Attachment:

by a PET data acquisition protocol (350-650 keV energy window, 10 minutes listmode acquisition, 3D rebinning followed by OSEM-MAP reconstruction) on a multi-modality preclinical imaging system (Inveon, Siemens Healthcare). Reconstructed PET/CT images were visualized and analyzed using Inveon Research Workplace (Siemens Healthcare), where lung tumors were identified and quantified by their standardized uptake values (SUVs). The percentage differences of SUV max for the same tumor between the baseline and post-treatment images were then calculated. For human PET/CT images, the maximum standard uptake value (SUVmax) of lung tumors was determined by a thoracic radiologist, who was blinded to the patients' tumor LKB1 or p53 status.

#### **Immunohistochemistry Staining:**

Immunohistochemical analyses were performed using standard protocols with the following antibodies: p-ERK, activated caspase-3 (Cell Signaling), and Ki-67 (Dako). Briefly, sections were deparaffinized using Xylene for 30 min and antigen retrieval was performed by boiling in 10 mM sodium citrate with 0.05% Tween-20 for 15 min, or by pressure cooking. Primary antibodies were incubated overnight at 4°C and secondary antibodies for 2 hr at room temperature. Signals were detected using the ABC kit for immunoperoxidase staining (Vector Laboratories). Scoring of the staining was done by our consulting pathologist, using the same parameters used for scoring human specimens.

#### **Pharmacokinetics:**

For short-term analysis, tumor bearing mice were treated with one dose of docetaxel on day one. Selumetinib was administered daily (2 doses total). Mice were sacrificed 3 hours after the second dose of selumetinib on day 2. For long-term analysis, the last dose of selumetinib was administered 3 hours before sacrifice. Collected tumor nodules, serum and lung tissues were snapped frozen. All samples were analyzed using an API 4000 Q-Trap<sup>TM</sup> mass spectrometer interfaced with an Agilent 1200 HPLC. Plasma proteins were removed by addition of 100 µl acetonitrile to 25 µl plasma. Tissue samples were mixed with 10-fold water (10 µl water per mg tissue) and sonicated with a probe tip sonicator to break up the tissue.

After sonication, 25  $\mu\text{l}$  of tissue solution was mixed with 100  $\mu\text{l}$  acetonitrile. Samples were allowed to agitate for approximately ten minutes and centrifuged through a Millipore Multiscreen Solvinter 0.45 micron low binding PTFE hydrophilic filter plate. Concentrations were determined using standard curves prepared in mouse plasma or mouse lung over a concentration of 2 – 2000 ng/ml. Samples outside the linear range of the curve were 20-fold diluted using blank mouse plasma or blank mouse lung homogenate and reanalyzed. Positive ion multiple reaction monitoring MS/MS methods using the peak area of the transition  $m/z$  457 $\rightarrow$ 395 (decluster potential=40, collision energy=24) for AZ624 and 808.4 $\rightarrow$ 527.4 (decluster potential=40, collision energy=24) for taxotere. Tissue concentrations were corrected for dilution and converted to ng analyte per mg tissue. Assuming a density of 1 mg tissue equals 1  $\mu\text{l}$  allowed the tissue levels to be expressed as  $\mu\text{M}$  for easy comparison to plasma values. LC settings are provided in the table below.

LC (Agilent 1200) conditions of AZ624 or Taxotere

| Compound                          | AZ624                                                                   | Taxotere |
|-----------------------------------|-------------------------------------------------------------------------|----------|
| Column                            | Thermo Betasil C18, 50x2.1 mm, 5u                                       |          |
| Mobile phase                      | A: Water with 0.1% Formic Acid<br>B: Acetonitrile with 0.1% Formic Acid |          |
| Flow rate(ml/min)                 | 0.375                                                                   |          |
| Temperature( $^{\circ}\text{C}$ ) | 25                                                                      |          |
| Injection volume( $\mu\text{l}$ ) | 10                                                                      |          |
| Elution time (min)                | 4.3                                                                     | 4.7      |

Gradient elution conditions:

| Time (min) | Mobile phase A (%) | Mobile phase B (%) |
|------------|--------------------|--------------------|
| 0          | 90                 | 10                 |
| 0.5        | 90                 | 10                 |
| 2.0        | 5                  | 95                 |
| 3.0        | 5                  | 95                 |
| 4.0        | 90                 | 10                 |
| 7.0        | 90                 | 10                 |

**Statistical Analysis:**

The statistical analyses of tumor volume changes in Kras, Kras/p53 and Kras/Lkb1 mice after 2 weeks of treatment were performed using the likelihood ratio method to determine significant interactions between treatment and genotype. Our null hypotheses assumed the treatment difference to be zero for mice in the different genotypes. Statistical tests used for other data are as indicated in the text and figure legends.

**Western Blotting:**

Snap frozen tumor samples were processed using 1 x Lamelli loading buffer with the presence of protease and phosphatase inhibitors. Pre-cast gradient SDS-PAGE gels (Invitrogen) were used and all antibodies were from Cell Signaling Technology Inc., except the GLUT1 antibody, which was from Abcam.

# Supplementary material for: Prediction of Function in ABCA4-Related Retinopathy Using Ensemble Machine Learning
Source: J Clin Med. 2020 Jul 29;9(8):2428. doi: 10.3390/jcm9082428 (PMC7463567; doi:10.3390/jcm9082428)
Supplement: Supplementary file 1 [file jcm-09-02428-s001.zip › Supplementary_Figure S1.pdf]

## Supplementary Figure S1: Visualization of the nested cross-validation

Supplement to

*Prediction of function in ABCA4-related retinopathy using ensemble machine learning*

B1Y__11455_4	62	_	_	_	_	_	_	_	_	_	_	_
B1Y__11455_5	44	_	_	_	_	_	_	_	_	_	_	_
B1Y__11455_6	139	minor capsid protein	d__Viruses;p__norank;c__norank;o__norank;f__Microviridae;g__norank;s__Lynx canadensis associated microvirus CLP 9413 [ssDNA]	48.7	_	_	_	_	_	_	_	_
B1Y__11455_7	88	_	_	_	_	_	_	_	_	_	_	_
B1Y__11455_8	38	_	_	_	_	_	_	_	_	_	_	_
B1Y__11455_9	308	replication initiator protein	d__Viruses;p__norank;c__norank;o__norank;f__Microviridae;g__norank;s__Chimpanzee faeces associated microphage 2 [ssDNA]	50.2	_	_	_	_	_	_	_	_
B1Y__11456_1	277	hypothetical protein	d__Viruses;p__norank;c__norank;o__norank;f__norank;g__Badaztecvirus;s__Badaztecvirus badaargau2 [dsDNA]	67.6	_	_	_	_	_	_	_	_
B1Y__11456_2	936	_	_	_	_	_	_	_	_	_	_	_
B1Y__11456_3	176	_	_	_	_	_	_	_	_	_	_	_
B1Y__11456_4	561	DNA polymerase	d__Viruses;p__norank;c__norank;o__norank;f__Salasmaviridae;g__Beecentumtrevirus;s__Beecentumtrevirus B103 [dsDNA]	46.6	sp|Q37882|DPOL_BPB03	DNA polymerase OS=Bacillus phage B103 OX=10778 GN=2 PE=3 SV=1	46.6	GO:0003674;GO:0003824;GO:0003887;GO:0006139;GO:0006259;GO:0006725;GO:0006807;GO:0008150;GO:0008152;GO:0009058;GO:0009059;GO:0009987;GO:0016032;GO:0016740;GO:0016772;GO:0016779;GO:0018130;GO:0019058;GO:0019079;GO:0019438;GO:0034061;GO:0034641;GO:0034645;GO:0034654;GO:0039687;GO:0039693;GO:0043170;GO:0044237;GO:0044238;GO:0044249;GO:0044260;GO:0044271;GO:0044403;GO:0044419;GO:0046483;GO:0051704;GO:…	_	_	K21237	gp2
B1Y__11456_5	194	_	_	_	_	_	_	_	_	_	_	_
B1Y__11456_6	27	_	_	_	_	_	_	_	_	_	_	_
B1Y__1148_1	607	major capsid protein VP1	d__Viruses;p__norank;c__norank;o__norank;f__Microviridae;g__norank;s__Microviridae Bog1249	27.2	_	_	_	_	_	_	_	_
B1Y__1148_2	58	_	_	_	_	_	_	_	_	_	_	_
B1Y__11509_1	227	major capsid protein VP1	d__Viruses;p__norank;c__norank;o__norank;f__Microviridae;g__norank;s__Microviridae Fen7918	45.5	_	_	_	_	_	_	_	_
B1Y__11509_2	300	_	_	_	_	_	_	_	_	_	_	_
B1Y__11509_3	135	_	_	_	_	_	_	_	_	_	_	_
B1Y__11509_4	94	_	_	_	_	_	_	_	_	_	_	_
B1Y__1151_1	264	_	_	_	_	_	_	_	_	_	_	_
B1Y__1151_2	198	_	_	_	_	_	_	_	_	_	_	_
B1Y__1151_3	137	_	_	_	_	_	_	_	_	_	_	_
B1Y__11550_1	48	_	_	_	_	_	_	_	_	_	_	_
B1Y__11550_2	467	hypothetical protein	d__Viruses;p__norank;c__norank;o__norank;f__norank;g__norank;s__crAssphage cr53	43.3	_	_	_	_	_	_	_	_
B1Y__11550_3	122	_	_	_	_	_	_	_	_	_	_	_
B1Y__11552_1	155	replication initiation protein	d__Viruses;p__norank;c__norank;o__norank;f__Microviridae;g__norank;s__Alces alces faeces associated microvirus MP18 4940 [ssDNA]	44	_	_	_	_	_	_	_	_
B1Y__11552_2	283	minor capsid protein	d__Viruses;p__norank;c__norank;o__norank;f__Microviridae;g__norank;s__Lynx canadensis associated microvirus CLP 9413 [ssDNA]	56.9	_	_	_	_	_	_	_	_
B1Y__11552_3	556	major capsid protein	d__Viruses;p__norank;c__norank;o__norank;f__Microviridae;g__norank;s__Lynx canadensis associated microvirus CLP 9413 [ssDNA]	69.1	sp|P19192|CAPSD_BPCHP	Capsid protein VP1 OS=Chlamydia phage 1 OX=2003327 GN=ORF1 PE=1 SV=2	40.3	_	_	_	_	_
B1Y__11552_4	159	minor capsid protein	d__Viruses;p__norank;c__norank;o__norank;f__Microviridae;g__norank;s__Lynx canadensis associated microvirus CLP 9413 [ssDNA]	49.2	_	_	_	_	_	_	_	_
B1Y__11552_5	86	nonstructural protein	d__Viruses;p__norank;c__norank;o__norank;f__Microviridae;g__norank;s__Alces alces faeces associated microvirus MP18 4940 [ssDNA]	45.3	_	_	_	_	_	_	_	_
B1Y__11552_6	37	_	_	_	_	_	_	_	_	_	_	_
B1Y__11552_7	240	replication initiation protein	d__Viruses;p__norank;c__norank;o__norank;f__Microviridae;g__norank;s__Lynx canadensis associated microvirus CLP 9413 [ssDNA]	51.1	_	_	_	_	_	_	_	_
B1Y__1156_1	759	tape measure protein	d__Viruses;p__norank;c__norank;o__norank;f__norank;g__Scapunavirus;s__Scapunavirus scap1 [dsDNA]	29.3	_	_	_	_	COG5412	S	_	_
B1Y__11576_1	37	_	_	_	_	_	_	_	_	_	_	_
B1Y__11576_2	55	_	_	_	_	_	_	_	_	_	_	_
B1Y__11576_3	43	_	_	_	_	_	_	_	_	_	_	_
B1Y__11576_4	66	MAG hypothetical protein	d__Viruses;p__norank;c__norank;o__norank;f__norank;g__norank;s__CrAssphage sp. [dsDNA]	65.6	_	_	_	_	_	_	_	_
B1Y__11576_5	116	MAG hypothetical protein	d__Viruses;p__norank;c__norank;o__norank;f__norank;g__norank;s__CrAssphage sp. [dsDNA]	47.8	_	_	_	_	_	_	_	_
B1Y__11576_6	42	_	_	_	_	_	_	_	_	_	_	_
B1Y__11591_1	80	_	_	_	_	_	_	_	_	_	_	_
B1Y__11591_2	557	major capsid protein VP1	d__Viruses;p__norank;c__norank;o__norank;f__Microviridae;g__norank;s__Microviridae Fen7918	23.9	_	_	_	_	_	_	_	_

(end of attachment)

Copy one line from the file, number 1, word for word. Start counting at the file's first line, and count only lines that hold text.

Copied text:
by a PET data acquisition protocol (350-650 keV energy window, 10 minutes listmode acquisition, 3D rebinning followed by OSEM-MAP reconstruction) on a multi-modality preclinical imaging system (Inveon, Siemens Healthcare). Reconstructed PET/CT images were visualized and analyzed using Inveon Research Workplace (Siemens Healthcare), where lung tumors were identified and quantified by their standardized uptake values (SUVs). The percentage differences of SUV max for the same tumor between the baseline and post-treatment images were then calculated. For human PET/CT images, the maximum standard uptake value (SUVmax) of lung tumors was determined by a thoracic radiologist, who was blinded to the patients' tumor LKB1 or p53 status.